It was a very informal, non-traditional ceremony, officiated by a friend. Before they exchanged the vows, she talked about the different paths they had taken to get to where they were, their parallel paths and how they came together.  Afterwards I thought about this journey of my own.

Far beyond where the horizon lies
Where the horizon lies
And the land sinks into mellow blueness
Oh please, take me with you

Thirty-two years ago I was taken by surprise by a girl with incredible stories about a life lived in a hurry against a background of seemingly endless unfair challenges. She was a story that had to be told, and I wanted to hear it all. For thirty years we walked together, and I tried to shield her from all that as much as I could. Two years ago the thing I feared all along came to pass and we were parted far too soon.

Her stories are mine to tell now, and I do often. We added a bunch together along the way, but somehow they seem more hers than mine.

Let me skip the road with you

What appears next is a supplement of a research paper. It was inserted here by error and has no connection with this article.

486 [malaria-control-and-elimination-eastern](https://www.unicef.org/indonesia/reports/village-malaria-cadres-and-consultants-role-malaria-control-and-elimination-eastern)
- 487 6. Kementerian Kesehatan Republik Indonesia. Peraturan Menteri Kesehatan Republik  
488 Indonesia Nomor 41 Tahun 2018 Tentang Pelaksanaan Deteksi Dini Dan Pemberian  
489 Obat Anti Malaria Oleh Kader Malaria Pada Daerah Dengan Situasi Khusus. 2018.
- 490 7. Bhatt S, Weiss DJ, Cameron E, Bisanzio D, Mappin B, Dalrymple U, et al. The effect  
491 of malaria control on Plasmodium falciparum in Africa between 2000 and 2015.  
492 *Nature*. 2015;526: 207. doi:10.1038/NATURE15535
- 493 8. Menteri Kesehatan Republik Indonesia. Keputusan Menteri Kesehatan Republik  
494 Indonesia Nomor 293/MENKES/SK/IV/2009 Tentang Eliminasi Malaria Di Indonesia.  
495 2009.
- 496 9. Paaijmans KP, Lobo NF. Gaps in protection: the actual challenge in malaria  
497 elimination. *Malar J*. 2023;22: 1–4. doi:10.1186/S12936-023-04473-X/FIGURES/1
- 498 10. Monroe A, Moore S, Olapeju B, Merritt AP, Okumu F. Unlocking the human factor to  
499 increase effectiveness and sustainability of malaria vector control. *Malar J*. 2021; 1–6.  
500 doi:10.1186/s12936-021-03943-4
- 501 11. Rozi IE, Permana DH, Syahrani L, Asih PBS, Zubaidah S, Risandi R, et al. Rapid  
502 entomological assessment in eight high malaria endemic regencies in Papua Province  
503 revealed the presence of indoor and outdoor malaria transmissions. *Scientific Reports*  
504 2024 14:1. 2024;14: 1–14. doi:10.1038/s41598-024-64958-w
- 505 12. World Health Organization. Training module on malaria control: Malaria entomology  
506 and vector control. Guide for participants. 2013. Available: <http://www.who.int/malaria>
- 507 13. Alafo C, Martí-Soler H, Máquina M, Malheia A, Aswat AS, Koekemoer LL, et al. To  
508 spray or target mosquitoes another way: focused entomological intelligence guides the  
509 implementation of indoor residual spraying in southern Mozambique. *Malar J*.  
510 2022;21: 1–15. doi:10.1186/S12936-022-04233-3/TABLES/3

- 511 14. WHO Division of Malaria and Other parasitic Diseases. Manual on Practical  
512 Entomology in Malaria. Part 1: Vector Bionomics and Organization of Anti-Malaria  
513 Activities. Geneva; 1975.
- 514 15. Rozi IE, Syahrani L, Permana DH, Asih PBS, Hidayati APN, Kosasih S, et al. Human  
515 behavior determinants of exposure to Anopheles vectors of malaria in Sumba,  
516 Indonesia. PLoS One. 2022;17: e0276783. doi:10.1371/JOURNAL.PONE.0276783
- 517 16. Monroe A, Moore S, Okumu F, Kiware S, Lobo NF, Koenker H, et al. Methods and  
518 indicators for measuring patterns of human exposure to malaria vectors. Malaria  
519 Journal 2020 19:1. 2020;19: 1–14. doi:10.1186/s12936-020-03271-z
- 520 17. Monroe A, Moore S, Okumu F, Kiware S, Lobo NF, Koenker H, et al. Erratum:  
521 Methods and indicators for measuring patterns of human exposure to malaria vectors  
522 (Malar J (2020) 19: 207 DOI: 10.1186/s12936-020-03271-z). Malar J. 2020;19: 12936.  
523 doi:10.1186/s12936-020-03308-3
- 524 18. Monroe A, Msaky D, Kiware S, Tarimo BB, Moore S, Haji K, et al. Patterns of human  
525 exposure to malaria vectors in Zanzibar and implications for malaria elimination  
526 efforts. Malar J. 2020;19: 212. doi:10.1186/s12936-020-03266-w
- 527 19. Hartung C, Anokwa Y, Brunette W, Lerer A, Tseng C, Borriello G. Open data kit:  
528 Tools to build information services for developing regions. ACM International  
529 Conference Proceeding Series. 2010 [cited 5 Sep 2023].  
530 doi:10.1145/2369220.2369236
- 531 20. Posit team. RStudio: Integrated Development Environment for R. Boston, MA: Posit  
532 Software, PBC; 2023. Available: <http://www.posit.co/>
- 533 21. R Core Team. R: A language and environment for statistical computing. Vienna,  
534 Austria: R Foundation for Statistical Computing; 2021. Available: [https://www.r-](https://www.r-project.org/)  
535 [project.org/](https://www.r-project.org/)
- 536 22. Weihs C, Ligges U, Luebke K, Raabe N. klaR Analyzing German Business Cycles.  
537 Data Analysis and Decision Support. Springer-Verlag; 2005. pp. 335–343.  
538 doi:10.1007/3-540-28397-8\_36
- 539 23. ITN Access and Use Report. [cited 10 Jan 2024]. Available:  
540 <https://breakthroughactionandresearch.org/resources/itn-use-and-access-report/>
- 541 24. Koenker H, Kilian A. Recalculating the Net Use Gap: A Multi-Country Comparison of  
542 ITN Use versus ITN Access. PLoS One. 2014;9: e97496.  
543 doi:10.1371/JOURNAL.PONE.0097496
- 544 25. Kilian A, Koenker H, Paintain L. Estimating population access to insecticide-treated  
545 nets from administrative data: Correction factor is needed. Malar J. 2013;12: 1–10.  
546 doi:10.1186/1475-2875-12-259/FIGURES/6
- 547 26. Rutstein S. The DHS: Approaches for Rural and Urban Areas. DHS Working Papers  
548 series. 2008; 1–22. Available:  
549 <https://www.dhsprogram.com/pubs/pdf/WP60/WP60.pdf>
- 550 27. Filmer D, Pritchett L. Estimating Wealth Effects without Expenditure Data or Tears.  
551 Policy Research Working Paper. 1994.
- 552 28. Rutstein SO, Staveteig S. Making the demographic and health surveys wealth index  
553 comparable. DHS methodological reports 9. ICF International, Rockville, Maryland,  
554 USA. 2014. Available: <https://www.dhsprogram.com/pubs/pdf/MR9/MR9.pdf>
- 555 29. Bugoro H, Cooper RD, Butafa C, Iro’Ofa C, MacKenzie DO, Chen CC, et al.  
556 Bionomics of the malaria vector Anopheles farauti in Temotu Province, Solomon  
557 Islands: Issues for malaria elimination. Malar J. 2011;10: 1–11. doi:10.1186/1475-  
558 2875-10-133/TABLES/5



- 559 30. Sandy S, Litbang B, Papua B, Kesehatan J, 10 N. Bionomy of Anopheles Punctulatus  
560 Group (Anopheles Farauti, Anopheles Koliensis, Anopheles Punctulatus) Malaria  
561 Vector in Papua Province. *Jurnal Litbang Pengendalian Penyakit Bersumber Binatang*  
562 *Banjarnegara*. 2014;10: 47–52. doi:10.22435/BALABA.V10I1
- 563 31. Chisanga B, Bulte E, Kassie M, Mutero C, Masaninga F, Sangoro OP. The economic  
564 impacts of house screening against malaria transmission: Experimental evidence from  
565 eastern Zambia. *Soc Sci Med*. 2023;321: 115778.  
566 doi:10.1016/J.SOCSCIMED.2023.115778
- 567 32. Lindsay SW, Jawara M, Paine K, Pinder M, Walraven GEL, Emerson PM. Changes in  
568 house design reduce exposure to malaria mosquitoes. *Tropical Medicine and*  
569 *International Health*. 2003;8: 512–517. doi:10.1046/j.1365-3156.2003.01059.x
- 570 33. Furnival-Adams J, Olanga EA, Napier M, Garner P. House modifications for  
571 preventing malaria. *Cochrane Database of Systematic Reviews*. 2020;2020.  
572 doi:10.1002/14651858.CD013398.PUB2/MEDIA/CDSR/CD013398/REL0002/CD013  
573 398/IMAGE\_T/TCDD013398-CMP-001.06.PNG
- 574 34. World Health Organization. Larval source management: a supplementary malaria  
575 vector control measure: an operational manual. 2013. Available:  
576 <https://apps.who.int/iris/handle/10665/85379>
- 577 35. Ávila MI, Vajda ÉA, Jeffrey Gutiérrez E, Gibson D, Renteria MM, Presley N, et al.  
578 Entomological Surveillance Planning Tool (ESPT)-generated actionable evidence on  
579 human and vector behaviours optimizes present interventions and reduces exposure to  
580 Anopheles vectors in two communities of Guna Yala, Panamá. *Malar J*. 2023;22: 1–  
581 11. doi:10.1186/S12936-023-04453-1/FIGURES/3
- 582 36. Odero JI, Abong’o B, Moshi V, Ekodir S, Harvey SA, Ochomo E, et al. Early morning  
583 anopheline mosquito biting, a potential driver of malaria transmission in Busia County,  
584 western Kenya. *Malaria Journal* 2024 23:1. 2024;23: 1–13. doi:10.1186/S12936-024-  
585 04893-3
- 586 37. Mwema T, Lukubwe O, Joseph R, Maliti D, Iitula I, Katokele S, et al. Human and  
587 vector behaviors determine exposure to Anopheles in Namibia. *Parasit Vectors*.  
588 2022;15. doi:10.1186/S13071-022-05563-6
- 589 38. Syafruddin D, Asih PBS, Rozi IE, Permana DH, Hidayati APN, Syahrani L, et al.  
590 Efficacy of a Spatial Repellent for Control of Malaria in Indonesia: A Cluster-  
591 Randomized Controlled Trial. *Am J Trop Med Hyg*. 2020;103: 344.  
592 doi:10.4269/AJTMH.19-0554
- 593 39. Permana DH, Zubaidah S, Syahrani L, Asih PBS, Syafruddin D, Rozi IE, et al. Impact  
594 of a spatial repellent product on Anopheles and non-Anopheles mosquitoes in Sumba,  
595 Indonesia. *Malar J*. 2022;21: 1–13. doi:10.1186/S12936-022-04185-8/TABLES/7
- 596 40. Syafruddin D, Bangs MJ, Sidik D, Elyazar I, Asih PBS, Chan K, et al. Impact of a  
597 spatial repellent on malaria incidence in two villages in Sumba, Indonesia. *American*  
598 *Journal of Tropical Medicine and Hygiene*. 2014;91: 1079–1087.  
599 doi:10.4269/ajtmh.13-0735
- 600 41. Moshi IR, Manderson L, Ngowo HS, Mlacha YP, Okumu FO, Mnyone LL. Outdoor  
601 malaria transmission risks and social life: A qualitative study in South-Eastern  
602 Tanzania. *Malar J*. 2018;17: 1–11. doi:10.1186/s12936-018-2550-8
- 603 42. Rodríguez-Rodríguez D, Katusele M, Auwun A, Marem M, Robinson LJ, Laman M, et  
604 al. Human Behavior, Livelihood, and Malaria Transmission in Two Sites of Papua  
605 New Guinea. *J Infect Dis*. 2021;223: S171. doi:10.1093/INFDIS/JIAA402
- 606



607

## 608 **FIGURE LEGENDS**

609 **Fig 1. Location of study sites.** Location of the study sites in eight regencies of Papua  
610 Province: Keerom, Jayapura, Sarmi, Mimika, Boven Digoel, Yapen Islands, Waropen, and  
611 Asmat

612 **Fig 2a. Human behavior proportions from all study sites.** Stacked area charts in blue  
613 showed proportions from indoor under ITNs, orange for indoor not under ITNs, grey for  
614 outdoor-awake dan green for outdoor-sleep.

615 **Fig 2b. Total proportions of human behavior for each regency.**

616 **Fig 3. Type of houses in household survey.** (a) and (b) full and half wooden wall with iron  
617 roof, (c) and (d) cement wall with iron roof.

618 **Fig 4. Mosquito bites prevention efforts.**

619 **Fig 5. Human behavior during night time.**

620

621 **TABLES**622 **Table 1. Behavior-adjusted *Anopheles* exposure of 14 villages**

I can dare myself
I can dare myself
I’ll put a pebble in my shoe
And watch me walk (watch me walk)
I can walk and walk!
(I can walk!)

When I proposed to Barbara I asked her to skip the road with me, a somewhat out of context reference to the song “By My Side” from Godspell. I named this journal An Unwelcome Journey, but really this isn’t a new journey, it is just an unwelcome parting from the travelling companion I chose, and who chose me. We had our own paths, and chose to walk together as long as we could.

I shall call the pebble Dare
I shall call the pebble Dare
We will talk, we will talk together
We will talk (chorus) about walking